As ever I learned new things while building it, including re-using parts of the volume dial to make microswitches that look identical to the original controls – definitely a technique I’ll be using in future projects.
I also used a LiPo battery for the first time in this build, something I’ve been shy of in the past, and was pleasantly surprised with the resulting flexibility and impressive run-time. Using a combination of the Pimoroni LiPo Shim and an Adafruit Micro LiPo I was able to integrate the charging circuit into the build itself, pleasingly tucked away under the original battery lid.
This Cheetah 125 joystick from the 1980s has had a full rebuild with shiny new microswitches, arcade buttons and a Pimoroni Player X controller board. It now has four independent buttons and connects via USB, ready for some serious RetroPie gaming action.
We had great fun converting this old joystick to work on RetroPie – it really brought back the glory days of “gaming” on my old Commodore Vic 20, I had exactly the same model when it was new.
The build wasn’t without surprises though, I’d forgotten that in the 80s all buttons performed the same function – four in this case all wired together! With the help of a Player X board from Pimoroni we were able to make each button independent, and added in a couple of extras to make RetroPie play easier.
The idea behind the joystick conversion was to provide Player 2 controls for the Pi Tourer Game Console, and it’s now added all the blood-pumping fun of head-to-head competition to our retro gaming, with predictable gloating from the younger members of the household!
With Autumn coming the decent car boot sales are drawing to a close, so we’ve hit them pretty hard this weekend to stock up on source materials for winter projects.
The nice boxy old Orion tape player at the back cost £1, and the wood effect Steepletone transistor radio on the right was 10p.
The Hitachi personal cassette player is this week’s star find however, and I didn’t even leave the house to grab it, it was a gift from mother-in-law Rosemary. It’s a really lovely little thing, early to mid 80s and very solid, part-metal construction with a double headphone socket.
Within about 5 minutes I realised that the clear window in the tape door is exactly (and I mean to the mm) the same size as a Raspberry Pi HAT. This discovery bumped the little cassette player right to the top of the project list (sorry cuckoo clock), and I started thinking straightaway about what kind of HAT would look good in there.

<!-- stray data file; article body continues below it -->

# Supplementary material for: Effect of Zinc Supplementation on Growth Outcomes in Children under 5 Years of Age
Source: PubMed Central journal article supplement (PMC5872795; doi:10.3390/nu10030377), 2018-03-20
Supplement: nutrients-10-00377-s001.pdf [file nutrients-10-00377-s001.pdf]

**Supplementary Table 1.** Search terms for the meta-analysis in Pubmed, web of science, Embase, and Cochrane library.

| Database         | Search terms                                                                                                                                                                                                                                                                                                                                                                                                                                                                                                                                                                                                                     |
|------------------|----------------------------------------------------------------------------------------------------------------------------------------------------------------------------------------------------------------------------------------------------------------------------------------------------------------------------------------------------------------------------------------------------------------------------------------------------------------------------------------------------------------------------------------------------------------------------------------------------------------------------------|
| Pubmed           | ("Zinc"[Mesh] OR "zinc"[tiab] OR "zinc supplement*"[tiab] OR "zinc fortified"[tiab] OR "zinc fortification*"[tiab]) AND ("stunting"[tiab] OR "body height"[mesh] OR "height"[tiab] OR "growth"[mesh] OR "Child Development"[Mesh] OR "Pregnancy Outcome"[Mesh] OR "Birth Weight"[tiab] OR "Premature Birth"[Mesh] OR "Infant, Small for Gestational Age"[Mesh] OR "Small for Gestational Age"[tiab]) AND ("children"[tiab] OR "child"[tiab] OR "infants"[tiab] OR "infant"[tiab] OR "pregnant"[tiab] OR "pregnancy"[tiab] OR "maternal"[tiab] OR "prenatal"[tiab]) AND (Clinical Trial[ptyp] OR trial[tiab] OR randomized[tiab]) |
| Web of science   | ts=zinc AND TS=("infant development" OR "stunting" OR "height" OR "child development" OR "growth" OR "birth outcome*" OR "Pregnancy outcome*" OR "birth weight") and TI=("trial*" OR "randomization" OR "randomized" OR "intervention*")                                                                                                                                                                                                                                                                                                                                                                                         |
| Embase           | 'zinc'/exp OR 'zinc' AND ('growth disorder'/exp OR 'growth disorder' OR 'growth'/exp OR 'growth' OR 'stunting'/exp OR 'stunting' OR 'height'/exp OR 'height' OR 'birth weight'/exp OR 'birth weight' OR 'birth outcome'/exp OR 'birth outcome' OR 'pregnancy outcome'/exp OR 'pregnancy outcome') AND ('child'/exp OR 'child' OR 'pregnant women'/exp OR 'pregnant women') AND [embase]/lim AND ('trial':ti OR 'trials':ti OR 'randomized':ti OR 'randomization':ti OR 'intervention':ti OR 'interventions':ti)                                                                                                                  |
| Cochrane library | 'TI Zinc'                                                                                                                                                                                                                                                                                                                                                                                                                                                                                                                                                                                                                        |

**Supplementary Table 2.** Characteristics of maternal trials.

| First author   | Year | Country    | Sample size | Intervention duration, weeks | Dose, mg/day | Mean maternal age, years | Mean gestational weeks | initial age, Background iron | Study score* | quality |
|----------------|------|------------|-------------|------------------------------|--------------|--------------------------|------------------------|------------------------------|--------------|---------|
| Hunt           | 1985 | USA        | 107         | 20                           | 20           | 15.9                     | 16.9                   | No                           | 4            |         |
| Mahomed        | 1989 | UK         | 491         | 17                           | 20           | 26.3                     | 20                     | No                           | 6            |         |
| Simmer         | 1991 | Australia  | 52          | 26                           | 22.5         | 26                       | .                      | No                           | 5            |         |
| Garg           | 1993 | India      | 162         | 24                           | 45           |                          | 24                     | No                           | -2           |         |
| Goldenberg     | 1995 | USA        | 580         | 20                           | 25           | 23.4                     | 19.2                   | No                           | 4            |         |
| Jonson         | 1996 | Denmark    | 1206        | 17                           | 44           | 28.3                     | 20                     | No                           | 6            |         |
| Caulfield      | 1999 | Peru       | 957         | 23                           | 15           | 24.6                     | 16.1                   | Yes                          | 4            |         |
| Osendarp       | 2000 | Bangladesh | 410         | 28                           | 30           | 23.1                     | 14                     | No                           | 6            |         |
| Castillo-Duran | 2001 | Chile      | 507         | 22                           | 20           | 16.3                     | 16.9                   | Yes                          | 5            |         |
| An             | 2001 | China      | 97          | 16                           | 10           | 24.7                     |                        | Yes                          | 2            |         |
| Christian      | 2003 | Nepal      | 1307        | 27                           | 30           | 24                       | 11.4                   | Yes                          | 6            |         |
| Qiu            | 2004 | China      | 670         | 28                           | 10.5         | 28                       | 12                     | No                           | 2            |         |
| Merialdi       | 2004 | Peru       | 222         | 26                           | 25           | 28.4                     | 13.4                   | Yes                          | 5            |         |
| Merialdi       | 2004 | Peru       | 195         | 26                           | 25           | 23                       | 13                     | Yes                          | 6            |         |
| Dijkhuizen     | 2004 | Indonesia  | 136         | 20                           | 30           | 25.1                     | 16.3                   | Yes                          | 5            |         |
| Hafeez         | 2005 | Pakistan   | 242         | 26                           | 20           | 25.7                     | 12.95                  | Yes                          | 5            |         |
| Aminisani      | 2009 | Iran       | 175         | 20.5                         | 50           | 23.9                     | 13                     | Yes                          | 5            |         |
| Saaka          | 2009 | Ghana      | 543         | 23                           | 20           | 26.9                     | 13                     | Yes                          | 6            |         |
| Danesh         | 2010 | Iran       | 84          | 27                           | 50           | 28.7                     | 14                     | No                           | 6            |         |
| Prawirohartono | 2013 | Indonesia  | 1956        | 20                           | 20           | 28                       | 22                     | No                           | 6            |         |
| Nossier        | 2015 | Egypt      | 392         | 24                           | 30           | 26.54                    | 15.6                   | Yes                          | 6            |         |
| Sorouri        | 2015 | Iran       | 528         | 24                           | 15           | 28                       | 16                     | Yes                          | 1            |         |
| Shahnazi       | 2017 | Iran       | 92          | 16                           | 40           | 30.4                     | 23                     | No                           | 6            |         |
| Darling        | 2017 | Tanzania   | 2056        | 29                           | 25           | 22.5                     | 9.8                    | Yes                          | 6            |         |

The headphones are fairly toasty but unmistakably 80s, just missing the foam pads. I’m not 100% what the big orange button was for, I assume it was just a locking switch that would break the connection to the phones and act as a mute button – innovative!
Parts are on order, I hope to have the little Hitachi project finished in a couple of weeks (though it still has 2 other completed projects in front of it to be published first).
No, not a dig at the current US president, this was an unexpectedly awesome find at today’s car boot, a 1970 Flirt portable transistor radio in orange.
With the heavy rain last night there weren’t many stalls today, so to make the most of it we dug around in the many rummage boxes of the house clearance traders – I literally snatched this out and held on to it.
The colour and style grabbed me first, with that fantastic orange and squared-off dial it looks like the General Lee from the Dukes of Hazzard, but much smaller and with a speaker on top instead of the now-problematic confederate flag. Bundled with some old reel-to-reel tapes it cost me £2.
I do have a weakness for transistor radios, but I haven’t done a conversion since this one which – somehow – was over six years ago. This one is now high on my list for a really simple rebuild – chop out the innards, bung in a Pi Zero, Speaker HAT and LiPo battery and we should have a cool portable internet radio for the bathroom. How hard could it be?
This 1963 Ever Ready car radio now has a new life playing RetroPie games!
It has a Raspberry Pi 3 and Picade controller inside, as well as a Pimoroni Blinkt that makes the front panel glow brightly in a range of colours, depending on what emulator is playing.
The fun doesn’t stop there though, thanks to its inbuilt handle and easy docking ports the Pi Tourer can be carried to other rooms, friends’ houses or anywhere a spare HDMI port can be found.
I couldn’t resist this 1963 radio at the car boot earlier in the year – it cost a princely £4. It was obviously not your normal car stereo however, as the underside had its own inbuilt speaker.
Research showed it had been a dual-purpose device, so you could remove it from your car and use it just like a normal portable radio. I decided to recreate this function, making it so it could “dock” with the workbench but still be easily removed and carried around to other retro gaming locations.
This project was as much fun to build as it is to play with, you can read the full story on Instructables and Hackster. The code I used to control the Blinkt colours based on the RetroPie emulator selection is all documented on GitHub.
For once this project turned out exactly as planned, there was just enough space in the case and I didn’t have to compromise on features. There’s one thing missing though – controls for Player 2! RetroPie is a ton of fun but playing against the kids takes it to another level altogether, apart from when they beat me, which is most of the time. For the next project we’re going to be building a controller for Player 2, upgrading an original 80s joystick and making it RetroPie-Ready.
Stay tuned for updates on that and be sure to subscribe on YouTube to catch the video when it’s released, probably around the 1st of September.